Final paragraphs from a wide-ranging Facebook perspective
"At the risk of veering into broad-based psychoanalysis, I think a lot of the Facebook skepticism is because so much of the content seems so shallow and petty, or in the case of the last few years, actively malicious. How can such a product survive?Facebook Lenses (Stratechery)
In fact, it survives for the very reason it exists: Facebook began in Zuckerberg’s Harvard dorm room by quite literally digitizing offline relationships that already existed, both in real life and in actual physical “facebooks”. Facebook is so powerful because of this direct connection to the real world: it is shallow and petty and sometimes malicious — and yes, often good — because we humans are shallow and petty and sometimes malicious — and yes, often good.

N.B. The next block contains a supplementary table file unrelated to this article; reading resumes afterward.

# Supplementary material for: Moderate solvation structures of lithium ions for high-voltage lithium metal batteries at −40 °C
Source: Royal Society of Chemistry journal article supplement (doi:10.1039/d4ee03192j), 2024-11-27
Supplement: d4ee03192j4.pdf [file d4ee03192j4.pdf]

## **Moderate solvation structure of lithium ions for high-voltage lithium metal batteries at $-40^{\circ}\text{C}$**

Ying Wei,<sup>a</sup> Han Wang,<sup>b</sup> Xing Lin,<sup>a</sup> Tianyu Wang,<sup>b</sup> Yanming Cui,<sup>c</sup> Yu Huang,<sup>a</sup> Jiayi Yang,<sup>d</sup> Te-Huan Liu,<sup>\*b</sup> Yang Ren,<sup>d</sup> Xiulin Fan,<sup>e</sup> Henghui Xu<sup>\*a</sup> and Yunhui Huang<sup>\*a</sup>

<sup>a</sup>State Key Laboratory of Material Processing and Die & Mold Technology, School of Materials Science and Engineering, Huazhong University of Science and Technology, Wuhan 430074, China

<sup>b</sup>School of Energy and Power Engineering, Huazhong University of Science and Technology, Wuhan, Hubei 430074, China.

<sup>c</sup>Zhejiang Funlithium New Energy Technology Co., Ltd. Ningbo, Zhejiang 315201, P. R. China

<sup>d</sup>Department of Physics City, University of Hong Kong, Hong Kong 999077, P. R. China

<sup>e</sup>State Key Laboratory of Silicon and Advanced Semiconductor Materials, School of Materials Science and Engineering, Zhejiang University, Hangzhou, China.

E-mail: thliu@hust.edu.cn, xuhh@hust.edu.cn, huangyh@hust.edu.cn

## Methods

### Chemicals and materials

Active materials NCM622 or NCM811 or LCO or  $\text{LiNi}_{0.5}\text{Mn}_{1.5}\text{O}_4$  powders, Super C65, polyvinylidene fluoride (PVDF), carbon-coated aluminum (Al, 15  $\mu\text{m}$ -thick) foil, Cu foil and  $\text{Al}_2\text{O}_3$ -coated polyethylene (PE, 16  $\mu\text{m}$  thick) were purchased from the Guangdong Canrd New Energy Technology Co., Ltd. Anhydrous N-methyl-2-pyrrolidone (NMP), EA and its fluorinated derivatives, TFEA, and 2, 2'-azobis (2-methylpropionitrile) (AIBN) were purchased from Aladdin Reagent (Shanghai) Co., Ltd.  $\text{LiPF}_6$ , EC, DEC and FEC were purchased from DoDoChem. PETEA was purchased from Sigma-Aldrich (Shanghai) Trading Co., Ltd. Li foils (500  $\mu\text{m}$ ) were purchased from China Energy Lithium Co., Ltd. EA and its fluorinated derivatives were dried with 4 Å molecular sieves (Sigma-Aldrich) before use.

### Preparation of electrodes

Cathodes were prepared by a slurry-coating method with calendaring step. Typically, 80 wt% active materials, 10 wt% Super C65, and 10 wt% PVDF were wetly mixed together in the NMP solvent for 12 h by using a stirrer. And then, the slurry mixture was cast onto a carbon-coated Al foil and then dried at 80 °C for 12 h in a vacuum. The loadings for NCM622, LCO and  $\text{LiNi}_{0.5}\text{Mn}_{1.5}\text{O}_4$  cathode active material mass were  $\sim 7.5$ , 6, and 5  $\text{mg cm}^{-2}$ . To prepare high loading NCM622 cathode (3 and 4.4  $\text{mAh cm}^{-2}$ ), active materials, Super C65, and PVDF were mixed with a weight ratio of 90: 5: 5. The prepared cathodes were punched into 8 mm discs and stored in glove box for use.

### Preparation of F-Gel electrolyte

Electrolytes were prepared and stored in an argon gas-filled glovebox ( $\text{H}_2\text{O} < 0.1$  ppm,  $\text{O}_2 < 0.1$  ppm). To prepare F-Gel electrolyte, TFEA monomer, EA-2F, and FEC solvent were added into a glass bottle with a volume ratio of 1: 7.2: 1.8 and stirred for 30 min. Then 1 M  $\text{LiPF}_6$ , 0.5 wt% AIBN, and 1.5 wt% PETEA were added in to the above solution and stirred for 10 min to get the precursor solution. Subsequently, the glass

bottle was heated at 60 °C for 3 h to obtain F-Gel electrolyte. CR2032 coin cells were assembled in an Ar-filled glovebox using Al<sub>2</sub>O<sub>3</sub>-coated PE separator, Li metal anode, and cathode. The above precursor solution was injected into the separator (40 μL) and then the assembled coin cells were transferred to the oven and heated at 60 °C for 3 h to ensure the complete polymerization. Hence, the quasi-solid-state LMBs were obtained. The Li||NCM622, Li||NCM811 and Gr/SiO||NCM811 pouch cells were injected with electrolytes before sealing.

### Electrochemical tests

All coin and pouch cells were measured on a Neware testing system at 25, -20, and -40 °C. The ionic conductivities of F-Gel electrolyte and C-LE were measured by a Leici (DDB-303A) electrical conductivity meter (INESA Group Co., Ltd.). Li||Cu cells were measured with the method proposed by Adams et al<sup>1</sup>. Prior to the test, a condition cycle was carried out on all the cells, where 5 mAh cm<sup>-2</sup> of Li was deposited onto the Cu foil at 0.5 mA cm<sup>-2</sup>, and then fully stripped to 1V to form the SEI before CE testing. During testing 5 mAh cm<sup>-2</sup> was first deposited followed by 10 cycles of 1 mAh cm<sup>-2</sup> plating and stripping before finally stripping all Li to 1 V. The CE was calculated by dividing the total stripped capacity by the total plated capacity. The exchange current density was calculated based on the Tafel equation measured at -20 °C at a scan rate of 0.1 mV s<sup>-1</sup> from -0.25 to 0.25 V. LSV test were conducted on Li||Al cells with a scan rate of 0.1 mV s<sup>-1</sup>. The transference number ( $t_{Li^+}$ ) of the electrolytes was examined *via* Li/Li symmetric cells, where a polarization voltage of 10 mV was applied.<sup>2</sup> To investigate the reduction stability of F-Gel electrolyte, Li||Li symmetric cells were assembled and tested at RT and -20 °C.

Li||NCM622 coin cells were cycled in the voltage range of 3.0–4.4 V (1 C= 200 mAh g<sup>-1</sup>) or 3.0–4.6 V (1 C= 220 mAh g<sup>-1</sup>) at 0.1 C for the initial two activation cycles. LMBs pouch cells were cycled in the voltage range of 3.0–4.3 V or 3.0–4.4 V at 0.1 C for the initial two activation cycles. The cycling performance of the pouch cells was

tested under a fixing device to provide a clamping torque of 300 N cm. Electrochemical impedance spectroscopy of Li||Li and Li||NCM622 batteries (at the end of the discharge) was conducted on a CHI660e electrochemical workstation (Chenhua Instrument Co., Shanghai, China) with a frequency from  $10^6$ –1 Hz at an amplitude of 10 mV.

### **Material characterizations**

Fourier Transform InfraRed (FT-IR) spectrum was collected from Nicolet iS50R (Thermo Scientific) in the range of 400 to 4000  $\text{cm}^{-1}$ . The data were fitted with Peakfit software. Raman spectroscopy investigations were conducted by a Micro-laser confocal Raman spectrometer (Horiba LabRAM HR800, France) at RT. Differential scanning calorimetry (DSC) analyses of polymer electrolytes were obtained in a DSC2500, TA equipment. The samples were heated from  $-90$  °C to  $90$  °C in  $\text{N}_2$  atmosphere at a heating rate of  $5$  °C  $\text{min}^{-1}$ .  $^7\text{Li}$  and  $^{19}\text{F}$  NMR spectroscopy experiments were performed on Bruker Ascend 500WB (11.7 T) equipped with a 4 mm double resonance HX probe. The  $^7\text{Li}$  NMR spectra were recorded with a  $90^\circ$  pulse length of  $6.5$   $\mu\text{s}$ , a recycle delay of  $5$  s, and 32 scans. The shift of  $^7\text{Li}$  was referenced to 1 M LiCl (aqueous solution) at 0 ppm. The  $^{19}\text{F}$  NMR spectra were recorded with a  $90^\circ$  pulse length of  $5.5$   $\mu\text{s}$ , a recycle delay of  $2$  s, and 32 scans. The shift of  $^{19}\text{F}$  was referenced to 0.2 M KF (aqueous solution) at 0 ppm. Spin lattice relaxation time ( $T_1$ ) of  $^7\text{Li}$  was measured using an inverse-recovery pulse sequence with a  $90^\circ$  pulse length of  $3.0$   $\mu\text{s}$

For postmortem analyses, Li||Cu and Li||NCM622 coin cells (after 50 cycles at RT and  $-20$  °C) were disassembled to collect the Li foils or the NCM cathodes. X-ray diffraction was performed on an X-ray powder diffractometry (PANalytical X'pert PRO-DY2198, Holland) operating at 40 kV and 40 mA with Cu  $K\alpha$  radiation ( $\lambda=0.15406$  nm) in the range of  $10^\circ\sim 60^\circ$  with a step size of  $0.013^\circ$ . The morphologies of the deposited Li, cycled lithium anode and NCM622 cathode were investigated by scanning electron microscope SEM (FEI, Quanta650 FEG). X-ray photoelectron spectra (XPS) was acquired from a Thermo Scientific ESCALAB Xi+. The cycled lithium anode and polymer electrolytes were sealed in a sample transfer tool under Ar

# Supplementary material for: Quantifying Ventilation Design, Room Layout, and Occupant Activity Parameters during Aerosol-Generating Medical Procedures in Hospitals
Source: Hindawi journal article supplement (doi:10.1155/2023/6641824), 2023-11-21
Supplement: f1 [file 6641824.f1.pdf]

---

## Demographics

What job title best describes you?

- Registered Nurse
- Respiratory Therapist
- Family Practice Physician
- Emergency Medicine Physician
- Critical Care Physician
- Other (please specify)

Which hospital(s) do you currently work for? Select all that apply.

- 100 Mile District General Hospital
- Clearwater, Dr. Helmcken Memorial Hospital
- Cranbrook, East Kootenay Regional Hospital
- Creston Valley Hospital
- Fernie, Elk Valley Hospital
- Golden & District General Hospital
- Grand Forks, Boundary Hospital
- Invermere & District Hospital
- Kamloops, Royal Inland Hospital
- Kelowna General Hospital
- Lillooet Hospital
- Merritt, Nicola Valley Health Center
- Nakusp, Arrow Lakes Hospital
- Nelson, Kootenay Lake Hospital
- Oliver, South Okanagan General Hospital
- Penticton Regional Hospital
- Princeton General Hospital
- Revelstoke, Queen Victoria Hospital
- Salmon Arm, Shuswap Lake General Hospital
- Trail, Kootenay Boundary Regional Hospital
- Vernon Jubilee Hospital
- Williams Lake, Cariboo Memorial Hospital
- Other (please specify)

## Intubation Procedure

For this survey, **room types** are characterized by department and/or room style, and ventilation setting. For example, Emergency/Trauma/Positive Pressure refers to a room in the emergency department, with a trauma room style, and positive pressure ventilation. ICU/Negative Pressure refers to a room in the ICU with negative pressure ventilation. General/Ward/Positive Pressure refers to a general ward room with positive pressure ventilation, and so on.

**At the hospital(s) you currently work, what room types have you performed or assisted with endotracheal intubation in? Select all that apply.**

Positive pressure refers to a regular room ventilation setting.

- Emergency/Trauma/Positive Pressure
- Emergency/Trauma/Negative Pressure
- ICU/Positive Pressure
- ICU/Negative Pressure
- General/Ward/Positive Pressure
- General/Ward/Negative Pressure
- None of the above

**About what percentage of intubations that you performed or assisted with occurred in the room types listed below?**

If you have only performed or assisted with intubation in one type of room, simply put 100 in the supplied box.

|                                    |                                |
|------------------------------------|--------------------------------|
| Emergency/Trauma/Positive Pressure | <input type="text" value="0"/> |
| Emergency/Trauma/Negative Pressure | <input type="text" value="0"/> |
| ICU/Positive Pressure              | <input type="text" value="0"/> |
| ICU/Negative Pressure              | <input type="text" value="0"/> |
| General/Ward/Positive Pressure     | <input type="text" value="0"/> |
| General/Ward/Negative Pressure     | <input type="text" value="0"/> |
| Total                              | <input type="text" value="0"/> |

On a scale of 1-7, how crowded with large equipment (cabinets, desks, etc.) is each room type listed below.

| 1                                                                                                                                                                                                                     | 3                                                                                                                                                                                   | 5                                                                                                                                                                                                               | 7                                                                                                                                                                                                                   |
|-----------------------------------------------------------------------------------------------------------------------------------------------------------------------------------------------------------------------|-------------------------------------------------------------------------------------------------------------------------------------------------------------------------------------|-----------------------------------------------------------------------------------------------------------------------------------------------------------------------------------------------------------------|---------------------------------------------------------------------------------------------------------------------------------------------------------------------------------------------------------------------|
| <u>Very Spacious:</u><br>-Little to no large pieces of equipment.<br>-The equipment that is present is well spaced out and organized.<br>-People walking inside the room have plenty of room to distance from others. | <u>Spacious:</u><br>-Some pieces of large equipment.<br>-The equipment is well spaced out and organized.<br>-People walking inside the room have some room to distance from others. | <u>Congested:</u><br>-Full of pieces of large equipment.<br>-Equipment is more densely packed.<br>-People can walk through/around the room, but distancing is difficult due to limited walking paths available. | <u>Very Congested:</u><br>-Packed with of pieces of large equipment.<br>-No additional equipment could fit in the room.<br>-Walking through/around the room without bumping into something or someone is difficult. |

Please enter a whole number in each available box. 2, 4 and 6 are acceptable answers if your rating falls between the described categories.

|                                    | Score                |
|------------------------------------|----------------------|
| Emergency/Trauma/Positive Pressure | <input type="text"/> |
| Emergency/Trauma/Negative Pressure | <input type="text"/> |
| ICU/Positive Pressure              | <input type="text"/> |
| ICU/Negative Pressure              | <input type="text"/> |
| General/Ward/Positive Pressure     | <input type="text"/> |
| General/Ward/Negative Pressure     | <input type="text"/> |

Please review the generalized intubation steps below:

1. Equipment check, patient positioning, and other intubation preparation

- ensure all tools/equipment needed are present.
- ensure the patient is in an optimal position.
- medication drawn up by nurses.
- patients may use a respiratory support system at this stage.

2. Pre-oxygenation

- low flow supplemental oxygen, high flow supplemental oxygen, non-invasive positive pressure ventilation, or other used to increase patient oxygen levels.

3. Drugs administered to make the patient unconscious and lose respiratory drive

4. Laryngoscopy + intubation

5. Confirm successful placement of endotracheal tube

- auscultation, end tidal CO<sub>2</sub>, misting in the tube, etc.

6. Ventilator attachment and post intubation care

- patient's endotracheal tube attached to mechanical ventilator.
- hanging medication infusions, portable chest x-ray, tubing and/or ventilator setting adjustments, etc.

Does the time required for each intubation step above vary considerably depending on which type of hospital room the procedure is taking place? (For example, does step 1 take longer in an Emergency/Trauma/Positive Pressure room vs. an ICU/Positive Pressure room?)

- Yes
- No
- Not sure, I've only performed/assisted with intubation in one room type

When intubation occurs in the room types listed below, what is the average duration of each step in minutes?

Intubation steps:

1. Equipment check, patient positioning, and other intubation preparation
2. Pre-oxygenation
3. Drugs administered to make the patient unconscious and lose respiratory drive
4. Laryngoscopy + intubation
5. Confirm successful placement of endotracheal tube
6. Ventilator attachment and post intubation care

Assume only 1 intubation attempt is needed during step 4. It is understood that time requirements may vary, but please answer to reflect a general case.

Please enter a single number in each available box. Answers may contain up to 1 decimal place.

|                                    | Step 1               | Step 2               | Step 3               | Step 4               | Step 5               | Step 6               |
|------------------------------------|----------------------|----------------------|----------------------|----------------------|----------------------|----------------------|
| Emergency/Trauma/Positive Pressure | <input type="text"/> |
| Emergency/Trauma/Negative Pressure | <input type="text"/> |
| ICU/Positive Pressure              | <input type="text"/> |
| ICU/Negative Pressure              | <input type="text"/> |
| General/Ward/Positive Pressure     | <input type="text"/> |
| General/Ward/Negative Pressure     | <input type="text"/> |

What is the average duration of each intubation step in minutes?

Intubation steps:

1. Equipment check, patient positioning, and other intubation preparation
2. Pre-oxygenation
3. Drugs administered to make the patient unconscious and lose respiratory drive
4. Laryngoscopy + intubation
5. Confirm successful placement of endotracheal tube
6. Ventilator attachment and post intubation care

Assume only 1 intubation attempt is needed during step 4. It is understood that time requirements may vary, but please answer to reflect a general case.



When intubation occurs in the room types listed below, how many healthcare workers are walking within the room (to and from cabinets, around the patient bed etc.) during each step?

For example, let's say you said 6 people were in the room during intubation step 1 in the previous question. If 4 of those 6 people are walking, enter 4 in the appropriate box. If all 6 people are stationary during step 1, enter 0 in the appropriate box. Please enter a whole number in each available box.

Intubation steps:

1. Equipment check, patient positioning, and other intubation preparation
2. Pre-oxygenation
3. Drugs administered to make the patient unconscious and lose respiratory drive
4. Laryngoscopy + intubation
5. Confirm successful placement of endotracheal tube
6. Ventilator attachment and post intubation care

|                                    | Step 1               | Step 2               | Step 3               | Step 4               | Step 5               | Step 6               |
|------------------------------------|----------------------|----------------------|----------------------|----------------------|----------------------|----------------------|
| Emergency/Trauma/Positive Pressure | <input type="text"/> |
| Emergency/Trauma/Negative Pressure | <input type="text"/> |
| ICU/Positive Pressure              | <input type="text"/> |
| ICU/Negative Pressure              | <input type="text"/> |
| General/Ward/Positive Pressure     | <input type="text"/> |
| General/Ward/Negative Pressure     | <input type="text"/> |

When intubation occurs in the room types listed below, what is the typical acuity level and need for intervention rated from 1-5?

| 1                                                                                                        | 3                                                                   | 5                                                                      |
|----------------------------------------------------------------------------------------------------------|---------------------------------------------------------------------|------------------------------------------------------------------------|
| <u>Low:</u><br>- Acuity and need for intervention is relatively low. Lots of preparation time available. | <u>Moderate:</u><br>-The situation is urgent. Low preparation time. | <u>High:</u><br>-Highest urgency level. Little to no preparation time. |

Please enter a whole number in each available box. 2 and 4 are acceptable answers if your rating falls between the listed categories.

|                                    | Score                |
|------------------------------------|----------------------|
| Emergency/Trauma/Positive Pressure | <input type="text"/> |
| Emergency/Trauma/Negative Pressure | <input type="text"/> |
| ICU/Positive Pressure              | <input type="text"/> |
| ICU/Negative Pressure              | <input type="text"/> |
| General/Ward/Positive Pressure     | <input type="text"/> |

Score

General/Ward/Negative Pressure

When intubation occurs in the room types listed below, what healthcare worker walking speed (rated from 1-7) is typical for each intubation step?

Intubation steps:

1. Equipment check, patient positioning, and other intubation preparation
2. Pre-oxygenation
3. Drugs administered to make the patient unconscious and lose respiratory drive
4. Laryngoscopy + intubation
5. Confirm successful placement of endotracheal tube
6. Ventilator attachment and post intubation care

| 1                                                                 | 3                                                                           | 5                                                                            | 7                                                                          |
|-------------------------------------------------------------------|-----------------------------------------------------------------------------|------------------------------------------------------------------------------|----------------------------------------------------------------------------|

By extension, to insist that Facebook will die any day now is in some respects to suggest that humanity will cease to exist any day now; granted, it is a company and companies fail, but even if Facebook failed it would only be a matter of time before another Facebook rose to replace it.
That seems unlikely: for all of the company’s travails and controversies over the past few years, its moats are deeper than ever, its money-making potential not only huge but growing both internally and secularly; to that end, what is perhaps most distressing of all to would-be competitors is in fact this quarter’s results: at the end of the day Facebook took a massive hit by choice; the company is not maximizing the short-term, it is spending the money and suppressing its revenue potential in favor of becoming more impenetrable than ever.
“Utter disaster” indeed."
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